While Mourinho and many Chelsea fans were presumably greatly frustrated by all this, there can’t have been anyone more frustrated than Shevchenko himself. The worst shadows to chase are your own; the middle-aged novelist haunted by the success of the majestic debut novel she penned in her mid-twenties, the ageing tap-dancer unable to rattle out the same tempo he did in his teens. The summer of his arrival at Stamford Bridge, Shevchenko tasted more harshly than most the reality that youth is only on loan. In the grand scheme, his legacy will easily absorb those two uncomfortable years at Chelsea; after all, in 2003 he returned the UEFA Champions League to AC Milan after nine years, and became the third Ukrainian to be named the European footballer of the year. Yet his time in West London will remain the most bracing of occasions: when, with disbelieving millions watching in either glee or horror, a god became mortal.

Poet, journalist, musician. Musa can be seen writing for ESPN, The Economist and more

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3 Comments on “Shevchenko At Chelsea: When A God Became Mortal”

  1. Chizoba. says:

    Totally agree with you. Andriy was phenomal at my beloved AC Milan. The move to Chelsea halted his career. While at Milan, he was god.

  2. Kamil says:

    Hi. First of all: thank you! I was one of those blessed fans that could admire Andriy playing for ‘my’ team for several excellent years.
    He was a GOD indeed. When It comes to central forwards, he was an absolute top. Left leg, right leg, head, it didn’t make any difference for him. Speed and strength perfectly combined together. Ultimate striker.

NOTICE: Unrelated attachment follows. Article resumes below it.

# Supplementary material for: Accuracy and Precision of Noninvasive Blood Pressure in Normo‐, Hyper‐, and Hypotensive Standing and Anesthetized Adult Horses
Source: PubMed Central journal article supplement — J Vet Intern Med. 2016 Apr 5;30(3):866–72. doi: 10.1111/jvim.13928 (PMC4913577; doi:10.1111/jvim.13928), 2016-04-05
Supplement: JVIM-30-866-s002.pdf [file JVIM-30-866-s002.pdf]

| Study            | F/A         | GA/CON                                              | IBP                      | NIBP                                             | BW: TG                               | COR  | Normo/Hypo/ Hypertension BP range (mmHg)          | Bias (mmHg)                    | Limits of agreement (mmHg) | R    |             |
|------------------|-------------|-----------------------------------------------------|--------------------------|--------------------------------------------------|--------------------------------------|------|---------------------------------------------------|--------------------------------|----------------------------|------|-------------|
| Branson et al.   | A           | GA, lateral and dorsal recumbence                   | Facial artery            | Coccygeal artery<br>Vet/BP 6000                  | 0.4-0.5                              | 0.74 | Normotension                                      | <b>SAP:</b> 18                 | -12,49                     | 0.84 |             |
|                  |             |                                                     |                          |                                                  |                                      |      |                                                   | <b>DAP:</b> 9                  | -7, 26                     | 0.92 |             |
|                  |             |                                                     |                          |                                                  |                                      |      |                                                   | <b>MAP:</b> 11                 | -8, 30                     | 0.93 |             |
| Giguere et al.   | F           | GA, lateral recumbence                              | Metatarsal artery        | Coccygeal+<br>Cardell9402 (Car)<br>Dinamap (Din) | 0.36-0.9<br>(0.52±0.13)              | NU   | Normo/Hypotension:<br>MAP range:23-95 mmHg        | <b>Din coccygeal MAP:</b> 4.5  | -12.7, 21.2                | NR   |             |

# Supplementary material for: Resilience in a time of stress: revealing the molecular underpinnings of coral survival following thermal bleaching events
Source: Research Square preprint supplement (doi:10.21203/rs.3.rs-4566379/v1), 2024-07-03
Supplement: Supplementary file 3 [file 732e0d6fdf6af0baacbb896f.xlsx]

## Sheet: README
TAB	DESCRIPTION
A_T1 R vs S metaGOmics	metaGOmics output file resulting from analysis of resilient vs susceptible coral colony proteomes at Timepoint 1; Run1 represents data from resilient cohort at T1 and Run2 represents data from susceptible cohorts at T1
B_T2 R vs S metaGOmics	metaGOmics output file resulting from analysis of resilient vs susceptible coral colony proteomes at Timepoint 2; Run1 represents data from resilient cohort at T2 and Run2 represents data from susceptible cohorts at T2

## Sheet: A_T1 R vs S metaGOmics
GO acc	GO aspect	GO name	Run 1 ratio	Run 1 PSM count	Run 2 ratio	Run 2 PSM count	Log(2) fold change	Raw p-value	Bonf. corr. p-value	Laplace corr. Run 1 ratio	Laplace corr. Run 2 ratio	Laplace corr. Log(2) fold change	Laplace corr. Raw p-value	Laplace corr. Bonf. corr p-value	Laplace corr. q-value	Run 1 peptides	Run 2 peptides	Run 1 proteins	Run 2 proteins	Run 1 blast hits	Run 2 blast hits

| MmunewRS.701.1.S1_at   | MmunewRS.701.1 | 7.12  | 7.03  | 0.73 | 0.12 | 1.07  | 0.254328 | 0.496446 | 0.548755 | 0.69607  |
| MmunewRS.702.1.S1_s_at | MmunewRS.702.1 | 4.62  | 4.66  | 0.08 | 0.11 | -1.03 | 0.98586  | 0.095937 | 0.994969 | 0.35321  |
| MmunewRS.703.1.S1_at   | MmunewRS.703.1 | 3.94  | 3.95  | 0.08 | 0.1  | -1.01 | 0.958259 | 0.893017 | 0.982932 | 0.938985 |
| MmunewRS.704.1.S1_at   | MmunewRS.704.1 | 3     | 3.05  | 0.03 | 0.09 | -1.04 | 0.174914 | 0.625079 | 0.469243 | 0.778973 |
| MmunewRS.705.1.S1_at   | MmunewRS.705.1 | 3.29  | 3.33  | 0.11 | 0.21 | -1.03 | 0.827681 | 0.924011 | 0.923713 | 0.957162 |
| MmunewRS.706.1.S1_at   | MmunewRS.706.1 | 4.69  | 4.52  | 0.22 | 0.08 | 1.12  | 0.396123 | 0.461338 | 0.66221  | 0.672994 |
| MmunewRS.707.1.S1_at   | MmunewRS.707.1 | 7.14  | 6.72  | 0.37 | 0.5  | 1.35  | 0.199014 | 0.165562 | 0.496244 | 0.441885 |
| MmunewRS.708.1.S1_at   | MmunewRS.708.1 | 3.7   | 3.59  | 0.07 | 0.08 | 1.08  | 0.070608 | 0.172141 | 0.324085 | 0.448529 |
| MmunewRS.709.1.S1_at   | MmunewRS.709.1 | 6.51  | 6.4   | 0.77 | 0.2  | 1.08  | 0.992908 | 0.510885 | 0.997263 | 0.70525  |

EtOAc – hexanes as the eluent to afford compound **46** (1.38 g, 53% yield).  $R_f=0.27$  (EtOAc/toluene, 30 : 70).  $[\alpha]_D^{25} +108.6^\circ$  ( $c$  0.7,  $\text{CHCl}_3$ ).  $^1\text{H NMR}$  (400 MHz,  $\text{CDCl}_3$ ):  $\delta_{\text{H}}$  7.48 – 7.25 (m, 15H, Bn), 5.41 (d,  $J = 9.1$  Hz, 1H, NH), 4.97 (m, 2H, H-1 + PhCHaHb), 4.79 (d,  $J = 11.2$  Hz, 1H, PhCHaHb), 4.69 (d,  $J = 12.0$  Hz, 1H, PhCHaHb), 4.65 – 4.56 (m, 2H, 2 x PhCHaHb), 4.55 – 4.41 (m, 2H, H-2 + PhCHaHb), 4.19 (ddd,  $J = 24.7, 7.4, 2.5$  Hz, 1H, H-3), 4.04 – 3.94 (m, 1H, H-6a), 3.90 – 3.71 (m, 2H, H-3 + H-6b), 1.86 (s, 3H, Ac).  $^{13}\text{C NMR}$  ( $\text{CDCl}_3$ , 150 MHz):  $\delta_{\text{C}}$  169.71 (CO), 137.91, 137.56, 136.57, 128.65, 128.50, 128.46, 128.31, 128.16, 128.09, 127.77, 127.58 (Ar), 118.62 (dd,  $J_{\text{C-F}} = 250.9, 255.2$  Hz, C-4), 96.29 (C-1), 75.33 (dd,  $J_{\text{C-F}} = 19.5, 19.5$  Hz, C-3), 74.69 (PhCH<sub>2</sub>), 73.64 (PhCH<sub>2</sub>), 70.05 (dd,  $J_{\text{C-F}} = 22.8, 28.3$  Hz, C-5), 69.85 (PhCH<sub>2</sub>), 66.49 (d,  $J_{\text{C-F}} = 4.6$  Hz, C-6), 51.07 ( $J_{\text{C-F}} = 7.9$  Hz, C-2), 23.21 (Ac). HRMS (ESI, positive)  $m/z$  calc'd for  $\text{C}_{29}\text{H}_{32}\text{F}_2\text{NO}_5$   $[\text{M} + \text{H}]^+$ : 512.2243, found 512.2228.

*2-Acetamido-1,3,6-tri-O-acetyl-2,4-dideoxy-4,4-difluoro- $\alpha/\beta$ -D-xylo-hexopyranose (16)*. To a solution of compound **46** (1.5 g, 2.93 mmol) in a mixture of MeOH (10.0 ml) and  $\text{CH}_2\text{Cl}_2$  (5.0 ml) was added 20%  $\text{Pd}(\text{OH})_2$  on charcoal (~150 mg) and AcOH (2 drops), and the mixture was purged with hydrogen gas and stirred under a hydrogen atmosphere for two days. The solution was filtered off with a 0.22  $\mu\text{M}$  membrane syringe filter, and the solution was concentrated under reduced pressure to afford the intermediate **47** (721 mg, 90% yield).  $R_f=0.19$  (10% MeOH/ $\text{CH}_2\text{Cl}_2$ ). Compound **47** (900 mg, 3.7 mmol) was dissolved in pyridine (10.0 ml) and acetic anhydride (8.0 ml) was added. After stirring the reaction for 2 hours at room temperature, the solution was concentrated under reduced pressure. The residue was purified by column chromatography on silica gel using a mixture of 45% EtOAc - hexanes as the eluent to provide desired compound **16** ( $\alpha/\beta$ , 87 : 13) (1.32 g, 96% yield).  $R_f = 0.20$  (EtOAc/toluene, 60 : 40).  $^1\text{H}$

Everything was so phenomenal, until, he decided to join Abramovich. It was a painful blow, I have to admit. Instead of becoming AC MILAN’s highest ever goalscorer, he became a joke in PL.
    Hard to disagree with you. Playing at the highest level for many years did the destruction for sure. However,… It’s true that his last season in Italy (before moving to England), was not the best ever, although apart from 19th goals in Serie A, he was a top Champions League scorer (9 goals), and, as far as I remember, he was AC MILAN’s assist leader for that season. It shows the quality he still possessed.
    The crucial aspect of Andriy’s “deterioration” was not as much the fact he was not in his peak already, but the decision to change the league when he was 30. Even with the quality he possessed, moving from Italy to England, with such dramatic difference between the style of football in these leagues, was simply too much for him. It is definitely much easier to adopt when you are at the beginning of your career, not in your thirties.
    You have to consider the difference between Italy and England when it comes to life off the pitch as well. Not everyone is ready, as a person, to make that step. Especially when you have to adopt promptly, because of very high expectations. Italy was already his home, and then, to very much extent, he had to start from ‘beginning’.
    Anyway, all of above words are ‘just’ our assumptions. Nevertheless you made my day with your post. Shevchenko is still somewhere there, deep in my hart, and I’m really grateful for his years in Italy.
    Thank you for your warm comments towards Andriy. It’s so nice there are others who saw and admired his incredible quality.

    Kind regards.

  3. SAMNAS NASSY says:

    FANTASTIC. HE WAS MY ROLE MODEL.